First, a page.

Conflict Alerts # 399, 23 June 2021
In the news
On 18 June, United Nations General Assembly passed a resolution titled "The Situation in Myanmar" after 119 countries voted in favour, 36 abstained from voting, and one country voted against. The revised draft of the resolution was introduced by Liechtenstein and cosponsored by 58 other countries.
The US, UK, and EU, who had earlier responded with sanctions, joined the list of countries that voted in favour. In addition, five ASEAN countries and Myanmar's UN Ambassador Kyaw Moe Tun voted for the resolution. Among countries that abstained from voting were China, Russia, India, Bangladesh, Nepal, Iran, and Egypt. Belarus is the only country that voted against it.
Issues at large
First, major issues discussed in the resolution. The resolution starts with expressing grave concern about the declaration of the state of emergency in Myanmar. It endorsed constructive engagement of ASEAN and reiterated the central role of a five-point consensus to bring a peaceful solution. It condemned the use of lethal force and violence against peaceful demonstrators and members of civil society. The democratic transition in Myanmar, concerns regarding the human rights situation of the Rohingya Muslim minority, the ongoing conflict in Kachin, Kayin, Rakhine, Shan, and the southern Chin States, immediate and unconditional release of President Win Myint, State Counsellor Aung San Suu Kyi, other government officials, and politicians were other critical issues raised. The resolution was initiated by the Assembly following a briefing by the UN Special Envoy on the situation in Myanmar on 26 February; it was later revised after ASEAN countries disagreed with some draft provisions in May.
Second, explanation for not favouring the vote. Majority of Asian countries, mainly from South Asia and Southeast Asia, abstained from voting. Among the countries who explained abstaining from the vote, most importantly, Bangladesh said: "It fails to recognize in its operative part, the urgent need for creating conditions for the safe, voluntary and sustainable return of the displaced minorities of Myanmar, particularly the Rohingyas." Russia cited: "The draft resolution is notable for its politicized character, and its individual passages are openly tendentious or out of touch with reality". Unsurprisingly, China has also maintained its non-action stand on the Junta government. In its explanation of the vote, India did not comment on its abstinence but said it welcomes the ASEAN initiative. Belarus commented: "it does not accept country-specific resolutions… Such documents are always biased, carry one-sided interpretation of events & facts, and also lead to aggravation of the situation in the targeted states, interfering in their internal politics."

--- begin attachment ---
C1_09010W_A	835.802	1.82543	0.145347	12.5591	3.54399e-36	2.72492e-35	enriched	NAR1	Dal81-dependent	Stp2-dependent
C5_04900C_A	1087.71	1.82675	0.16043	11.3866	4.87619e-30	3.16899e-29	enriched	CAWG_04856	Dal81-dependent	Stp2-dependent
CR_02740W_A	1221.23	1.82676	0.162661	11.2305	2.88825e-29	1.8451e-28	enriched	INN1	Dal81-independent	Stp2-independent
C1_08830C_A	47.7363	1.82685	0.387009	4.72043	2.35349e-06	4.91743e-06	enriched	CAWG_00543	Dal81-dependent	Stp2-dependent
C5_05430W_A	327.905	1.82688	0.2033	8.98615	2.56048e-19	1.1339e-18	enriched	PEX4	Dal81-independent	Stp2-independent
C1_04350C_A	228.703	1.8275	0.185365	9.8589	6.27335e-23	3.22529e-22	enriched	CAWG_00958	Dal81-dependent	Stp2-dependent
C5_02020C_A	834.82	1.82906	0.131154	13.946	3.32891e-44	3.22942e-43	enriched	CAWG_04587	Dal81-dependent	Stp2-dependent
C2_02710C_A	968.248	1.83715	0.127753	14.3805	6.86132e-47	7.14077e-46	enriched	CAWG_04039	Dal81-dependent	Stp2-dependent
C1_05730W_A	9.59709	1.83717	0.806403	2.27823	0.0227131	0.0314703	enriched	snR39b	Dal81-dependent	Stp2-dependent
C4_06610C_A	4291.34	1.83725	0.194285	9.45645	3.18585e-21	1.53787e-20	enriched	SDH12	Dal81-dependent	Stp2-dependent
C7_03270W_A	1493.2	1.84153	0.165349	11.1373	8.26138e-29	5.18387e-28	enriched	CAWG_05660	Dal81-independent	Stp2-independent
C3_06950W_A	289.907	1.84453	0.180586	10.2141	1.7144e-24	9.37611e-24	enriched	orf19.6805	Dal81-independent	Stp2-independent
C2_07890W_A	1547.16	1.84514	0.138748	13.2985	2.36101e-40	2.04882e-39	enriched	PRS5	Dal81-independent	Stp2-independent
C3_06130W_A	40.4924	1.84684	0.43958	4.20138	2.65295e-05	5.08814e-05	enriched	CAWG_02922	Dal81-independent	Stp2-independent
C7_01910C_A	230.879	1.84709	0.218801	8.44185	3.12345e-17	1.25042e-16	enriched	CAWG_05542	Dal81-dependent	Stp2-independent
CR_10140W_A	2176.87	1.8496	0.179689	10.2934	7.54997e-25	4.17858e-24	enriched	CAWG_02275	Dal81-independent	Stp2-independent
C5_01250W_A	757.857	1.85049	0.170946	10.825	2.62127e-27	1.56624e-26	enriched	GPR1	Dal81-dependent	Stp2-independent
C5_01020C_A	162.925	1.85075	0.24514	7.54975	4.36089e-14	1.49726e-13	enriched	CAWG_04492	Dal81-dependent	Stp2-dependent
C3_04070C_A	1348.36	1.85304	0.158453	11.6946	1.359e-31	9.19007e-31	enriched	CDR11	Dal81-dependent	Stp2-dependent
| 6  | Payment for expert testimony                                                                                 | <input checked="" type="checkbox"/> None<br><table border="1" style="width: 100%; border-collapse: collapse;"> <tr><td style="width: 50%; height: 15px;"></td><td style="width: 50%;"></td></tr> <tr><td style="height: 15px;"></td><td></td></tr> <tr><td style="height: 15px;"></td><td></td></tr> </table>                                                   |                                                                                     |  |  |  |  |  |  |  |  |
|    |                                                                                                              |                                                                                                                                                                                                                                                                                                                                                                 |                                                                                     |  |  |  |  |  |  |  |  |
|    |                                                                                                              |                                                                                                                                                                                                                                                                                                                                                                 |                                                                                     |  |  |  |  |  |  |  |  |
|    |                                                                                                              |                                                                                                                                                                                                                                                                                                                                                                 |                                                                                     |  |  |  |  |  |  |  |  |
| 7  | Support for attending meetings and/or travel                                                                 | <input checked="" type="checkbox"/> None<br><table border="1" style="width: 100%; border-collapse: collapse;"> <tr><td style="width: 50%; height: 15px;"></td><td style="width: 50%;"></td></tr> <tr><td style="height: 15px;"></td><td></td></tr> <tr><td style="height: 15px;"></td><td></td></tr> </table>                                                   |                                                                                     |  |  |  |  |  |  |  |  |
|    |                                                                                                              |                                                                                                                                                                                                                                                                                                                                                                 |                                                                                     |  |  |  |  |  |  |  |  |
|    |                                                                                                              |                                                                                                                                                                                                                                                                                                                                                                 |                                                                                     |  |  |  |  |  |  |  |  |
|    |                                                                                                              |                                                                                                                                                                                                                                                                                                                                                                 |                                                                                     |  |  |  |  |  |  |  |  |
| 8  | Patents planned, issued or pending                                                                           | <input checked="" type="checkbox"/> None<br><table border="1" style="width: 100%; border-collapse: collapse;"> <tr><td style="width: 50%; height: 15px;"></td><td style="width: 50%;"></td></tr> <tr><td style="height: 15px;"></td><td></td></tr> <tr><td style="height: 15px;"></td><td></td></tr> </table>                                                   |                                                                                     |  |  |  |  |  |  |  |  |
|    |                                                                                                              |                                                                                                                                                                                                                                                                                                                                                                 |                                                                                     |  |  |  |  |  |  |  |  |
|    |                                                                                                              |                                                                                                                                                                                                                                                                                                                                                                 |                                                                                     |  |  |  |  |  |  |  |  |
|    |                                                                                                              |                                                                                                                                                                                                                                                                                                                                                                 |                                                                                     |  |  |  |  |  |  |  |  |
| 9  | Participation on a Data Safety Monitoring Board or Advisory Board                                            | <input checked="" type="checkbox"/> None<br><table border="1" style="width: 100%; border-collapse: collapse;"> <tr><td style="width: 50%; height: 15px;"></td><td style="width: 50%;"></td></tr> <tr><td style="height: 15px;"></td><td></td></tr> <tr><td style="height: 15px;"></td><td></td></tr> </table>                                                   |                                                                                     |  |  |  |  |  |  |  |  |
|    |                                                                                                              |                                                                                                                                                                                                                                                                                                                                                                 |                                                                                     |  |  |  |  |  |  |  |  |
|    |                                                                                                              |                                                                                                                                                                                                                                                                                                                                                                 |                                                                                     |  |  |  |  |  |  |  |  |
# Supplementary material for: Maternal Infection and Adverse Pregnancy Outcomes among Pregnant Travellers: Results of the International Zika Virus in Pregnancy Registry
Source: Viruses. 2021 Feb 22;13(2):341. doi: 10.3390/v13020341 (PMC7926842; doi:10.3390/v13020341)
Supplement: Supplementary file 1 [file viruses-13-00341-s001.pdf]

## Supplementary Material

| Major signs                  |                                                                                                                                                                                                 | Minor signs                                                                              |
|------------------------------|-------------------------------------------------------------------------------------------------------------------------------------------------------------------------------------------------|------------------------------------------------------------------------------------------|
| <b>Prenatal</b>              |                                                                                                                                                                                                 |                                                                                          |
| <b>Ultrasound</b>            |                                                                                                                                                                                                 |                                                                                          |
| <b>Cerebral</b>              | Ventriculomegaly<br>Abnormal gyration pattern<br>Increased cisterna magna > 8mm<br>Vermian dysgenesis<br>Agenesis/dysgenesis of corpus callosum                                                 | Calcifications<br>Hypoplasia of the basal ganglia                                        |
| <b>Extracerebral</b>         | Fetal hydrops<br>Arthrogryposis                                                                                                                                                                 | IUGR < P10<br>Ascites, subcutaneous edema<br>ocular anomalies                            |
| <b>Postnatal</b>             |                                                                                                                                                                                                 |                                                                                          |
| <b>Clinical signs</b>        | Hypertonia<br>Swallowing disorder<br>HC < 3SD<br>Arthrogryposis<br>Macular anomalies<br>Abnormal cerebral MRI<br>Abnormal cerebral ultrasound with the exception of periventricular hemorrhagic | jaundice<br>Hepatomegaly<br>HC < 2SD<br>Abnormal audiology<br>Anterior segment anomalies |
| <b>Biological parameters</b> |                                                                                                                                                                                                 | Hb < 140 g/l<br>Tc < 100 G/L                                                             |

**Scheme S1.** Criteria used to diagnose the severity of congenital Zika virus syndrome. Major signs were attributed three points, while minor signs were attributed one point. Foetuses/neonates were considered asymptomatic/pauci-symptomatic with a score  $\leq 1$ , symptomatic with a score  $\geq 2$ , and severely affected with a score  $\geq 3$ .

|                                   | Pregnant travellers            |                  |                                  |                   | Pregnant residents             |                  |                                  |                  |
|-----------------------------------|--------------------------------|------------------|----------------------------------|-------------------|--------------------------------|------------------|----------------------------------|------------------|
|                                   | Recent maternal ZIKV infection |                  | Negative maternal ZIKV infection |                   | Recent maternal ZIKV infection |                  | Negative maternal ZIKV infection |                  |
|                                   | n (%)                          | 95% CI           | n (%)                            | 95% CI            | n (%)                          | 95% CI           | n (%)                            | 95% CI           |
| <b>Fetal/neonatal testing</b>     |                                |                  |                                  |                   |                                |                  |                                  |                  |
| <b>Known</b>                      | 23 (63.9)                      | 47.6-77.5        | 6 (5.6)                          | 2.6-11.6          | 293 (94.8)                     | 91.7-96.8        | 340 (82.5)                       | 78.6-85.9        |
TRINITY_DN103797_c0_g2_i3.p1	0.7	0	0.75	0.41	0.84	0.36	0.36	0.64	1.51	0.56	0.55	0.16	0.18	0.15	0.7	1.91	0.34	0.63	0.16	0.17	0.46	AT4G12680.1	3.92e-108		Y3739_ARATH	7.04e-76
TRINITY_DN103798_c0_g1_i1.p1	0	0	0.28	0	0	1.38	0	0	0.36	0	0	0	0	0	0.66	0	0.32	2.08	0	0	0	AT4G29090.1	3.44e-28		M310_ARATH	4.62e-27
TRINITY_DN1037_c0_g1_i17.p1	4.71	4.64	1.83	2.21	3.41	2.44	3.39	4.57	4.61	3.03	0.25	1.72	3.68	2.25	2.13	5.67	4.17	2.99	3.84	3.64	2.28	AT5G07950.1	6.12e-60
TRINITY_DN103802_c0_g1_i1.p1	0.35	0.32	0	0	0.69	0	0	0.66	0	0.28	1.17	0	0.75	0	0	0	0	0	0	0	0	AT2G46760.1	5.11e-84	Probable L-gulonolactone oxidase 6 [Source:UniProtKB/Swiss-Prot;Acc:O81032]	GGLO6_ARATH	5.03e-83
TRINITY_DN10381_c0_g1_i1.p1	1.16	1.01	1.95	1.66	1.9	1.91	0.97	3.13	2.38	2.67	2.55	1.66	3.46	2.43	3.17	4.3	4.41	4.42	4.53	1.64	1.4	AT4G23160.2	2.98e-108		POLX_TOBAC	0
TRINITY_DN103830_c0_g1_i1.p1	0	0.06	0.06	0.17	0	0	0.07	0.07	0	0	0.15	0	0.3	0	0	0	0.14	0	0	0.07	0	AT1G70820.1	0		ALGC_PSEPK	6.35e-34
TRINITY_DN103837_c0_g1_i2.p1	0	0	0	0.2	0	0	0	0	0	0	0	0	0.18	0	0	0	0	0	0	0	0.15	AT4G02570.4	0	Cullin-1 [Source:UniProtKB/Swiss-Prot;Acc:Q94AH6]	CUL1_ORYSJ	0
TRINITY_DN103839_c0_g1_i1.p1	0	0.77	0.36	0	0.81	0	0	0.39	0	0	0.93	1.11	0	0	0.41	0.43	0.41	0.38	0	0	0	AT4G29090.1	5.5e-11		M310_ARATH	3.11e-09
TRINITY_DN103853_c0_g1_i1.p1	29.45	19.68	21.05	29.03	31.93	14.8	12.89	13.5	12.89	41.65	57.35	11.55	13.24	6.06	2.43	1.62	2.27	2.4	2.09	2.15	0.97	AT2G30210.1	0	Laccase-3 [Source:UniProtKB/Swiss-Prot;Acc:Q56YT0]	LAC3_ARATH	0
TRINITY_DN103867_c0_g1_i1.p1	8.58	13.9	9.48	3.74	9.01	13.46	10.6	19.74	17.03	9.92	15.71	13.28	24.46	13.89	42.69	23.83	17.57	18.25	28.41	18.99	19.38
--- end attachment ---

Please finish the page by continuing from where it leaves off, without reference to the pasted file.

Third, the ASEAN response. The ASEAN divide on the resolution was notable after Indonesia, Malaysia, Singapore, the Philippines and Vietnam voted "yes" along with the Myanmar government-in-exile's representative at the UN. At the same time, Brunei, Cambodia, Laos, and Thailand abstained. The non-ASEAN, Southeast Asian country, Timor Leste, also abstained from the vote. However, all ASEAN countries positively responded to the resolution's call upon Myanmar to swiftly implement the five-point consensus reached at the Leaders' Meeting of the Association of Southeast Asian Nations held on 24 April 2021. ASEAN envoys earlier this month visited Myanmar to seek the swift implementation of the consensus to which the Myanmar Junta has agreed to co-operate. However, opponents of the Junta and many people in Myanmar have a fettered hope in the consensus.
Given the non-binding nature of the UNGA resolution, the move is unlikely to influence the ongoing situation. Nevertheless, the resolution signifies the overwhelming global consensus on the issue. As the UNGA reiterates and calls upon the Junta to implement a five-point consensus, the move might positively impact the current slow implementation process.